Mammography facility characteristics affect screening accuracy
Previous studies have suggested that patient characteristics, such as age, are associated with variations in the accuracy of screening mammograms. Similarly, characteristics of the radiologist who interprets the mammograms, such as his or her reading experience, are associated with variations in accuracy.
The impact of the type of facility or its characteristics on mammogram accuracy was unknown, but the information could help identify better practices and better places to obtain a mammogram, according to the researchers.
In an observational study, Stephen Taplin, MD, of the National Cancer Institute (NCI) in Bethesda, Md., and colleagues surveyed 53 mammography facilities between 1992 and 2002 to look for associations between facility characteristics and interpretive accuracy.
The NCI researchers were able to analyze data from 44 facilities, which altogether performed 484,463 screening mammograms on 237,669 women. Of those, 2,686 women were diagnosed with breast cancer.
On average, the facilities identified cancer when it was present (sensitivity) in 79.6 percent of breast cancer cases that occurred within one year and correctly categorized a mammogram as cancer-free (specificity) 90.2 percent of the time, the NCI investigators said.
Taplin and colleagues found that the likelihood of cancer in women who were referred for additional imaging or evaluation due to an abnormal mammogram was 4.1 percent. On average, 38.8 percent of the women referred for a biopsy from each facility were found to have cancer.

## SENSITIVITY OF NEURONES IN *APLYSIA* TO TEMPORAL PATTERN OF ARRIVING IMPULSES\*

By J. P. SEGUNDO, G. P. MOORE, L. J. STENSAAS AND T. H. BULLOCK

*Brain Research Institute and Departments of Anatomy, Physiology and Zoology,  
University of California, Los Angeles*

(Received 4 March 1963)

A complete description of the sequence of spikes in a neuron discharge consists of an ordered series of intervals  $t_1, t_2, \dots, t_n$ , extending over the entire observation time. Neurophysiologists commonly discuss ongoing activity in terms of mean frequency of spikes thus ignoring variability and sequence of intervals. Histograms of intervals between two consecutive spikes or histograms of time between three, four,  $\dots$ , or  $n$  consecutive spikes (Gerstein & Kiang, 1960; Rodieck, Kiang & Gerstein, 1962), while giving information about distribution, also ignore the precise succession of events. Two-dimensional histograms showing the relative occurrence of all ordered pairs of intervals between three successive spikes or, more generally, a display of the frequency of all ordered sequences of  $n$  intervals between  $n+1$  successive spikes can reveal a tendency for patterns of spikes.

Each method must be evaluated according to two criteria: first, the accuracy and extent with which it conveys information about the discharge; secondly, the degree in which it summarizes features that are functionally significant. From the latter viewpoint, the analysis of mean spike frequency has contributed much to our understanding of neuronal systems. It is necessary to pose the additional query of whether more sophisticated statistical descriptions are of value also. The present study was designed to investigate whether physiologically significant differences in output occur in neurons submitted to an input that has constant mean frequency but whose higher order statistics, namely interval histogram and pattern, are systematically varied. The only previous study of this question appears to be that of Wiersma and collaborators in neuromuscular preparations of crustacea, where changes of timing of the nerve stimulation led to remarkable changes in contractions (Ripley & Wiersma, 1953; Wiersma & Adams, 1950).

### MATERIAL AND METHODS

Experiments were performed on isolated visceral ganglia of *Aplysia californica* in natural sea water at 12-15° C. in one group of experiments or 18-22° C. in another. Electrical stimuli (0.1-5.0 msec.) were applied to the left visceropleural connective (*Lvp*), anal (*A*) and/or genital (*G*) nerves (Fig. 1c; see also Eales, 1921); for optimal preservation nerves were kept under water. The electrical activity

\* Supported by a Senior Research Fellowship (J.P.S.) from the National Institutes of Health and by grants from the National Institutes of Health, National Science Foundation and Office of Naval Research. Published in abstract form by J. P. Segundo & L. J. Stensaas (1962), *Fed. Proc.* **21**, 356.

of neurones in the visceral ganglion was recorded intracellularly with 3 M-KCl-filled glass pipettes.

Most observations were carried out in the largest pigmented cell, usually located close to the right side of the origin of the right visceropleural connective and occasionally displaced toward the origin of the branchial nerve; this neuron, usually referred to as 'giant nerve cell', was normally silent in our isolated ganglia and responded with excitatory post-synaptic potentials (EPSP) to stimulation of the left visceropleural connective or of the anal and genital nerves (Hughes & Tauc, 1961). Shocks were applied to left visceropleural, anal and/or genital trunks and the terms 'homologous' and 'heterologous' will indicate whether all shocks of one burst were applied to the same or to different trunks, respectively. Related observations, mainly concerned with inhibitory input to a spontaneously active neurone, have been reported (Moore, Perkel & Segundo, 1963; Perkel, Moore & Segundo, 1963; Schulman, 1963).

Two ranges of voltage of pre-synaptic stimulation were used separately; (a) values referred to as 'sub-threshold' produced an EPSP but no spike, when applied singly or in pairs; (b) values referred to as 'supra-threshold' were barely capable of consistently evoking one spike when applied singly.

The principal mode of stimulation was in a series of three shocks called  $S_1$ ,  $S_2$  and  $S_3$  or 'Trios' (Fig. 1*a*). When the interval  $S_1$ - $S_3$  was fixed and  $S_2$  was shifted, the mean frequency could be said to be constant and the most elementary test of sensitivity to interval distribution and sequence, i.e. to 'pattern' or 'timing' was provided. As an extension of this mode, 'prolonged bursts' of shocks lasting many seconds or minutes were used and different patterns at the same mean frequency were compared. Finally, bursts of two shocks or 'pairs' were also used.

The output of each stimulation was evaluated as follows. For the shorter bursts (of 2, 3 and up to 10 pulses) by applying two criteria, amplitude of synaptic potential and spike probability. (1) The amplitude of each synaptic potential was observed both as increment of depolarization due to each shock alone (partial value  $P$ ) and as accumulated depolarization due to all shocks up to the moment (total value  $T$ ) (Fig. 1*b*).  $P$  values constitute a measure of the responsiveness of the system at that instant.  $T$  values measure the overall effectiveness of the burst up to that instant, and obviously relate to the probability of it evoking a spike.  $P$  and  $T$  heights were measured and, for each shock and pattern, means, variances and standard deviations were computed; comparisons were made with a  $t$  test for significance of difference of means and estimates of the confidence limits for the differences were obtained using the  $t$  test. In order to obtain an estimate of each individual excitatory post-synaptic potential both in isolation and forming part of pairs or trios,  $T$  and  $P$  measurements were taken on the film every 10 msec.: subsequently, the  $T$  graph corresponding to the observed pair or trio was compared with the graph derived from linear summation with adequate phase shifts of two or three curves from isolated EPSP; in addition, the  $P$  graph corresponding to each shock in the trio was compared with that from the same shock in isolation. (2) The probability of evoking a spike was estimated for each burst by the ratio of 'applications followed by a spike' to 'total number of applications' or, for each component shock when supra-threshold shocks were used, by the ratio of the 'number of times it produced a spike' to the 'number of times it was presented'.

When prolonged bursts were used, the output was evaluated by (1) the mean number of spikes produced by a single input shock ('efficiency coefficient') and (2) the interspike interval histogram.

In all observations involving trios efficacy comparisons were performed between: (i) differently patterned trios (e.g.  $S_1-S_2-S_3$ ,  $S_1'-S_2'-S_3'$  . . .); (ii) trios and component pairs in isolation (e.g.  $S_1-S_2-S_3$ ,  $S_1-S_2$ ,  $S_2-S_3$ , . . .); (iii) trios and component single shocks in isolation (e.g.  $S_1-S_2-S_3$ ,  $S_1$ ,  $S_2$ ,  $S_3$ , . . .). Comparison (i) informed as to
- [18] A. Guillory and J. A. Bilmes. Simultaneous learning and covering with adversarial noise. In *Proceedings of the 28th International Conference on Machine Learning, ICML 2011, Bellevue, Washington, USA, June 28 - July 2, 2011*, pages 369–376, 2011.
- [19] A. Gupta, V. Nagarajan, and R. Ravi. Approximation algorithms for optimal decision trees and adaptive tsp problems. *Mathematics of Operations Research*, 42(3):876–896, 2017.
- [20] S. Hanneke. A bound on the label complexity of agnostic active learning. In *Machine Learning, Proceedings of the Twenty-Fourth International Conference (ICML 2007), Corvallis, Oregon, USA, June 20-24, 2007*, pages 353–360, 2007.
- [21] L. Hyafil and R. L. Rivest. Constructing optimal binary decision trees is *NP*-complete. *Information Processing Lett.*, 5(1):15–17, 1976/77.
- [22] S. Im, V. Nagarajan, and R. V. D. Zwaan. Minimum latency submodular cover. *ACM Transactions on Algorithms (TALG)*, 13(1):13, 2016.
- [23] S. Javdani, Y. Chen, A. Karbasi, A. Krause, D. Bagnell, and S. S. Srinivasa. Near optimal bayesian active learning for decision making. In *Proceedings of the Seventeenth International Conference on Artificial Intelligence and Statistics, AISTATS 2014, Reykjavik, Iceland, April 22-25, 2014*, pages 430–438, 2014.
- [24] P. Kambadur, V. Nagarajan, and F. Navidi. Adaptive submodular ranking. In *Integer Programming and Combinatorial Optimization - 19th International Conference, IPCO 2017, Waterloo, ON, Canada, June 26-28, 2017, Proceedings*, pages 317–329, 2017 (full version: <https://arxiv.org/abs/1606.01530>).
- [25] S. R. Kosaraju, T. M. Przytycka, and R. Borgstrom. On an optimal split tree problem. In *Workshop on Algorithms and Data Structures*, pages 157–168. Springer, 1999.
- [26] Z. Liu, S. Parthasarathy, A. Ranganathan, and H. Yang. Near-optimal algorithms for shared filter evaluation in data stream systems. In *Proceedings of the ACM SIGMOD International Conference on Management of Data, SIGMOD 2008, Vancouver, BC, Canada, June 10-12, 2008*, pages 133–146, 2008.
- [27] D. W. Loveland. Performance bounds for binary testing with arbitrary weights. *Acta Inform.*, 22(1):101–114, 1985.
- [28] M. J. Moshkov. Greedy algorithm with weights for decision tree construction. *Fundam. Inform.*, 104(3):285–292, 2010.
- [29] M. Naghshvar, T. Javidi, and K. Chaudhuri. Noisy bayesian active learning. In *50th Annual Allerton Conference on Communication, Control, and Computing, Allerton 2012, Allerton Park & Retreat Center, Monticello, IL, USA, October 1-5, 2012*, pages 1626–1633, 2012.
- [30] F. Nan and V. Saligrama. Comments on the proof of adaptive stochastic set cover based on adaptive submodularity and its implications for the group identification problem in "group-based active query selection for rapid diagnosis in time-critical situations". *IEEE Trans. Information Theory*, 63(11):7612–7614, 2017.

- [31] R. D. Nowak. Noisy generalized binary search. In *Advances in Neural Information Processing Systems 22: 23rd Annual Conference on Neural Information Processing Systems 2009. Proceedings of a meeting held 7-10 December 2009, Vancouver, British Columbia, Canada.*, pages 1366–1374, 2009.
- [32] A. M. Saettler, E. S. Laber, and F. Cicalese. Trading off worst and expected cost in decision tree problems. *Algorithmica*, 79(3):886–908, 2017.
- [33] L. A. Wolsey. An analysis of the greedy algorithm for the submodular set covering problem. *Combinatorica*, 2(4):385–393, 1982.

The authors wrote that the likelihood of cancer among the women with any additional evaluation, or those referred for biopsy, varied substantially between facilities. They also found that the likelihood that a mammogram was accurately read as cancer-free varied by facility but the likelihood that a cancer was identified when it was present did not.
Several facility characteristics were associated with a higher measure of accuracy that combines sensitivity and specificity, including those that offered screening mammograms alone versus those that offered diagnostic and screening mammograms, and those that had a breast imaging specialist reading the mammograms versus those that did not, according to the researchers.
If the associations are validated in future prospective studies, the information could help both patients and mammography facilities.
“Understanding how facility characteristics influence interpretive accuracy is important because it could allow women and physicians to choose a mammography facility based on characteristics that are more likely to be associated with higher quality. Radiologists could also change the facilities' structures or processes to include practices that improve interpretive accuracy,” the authors wrote.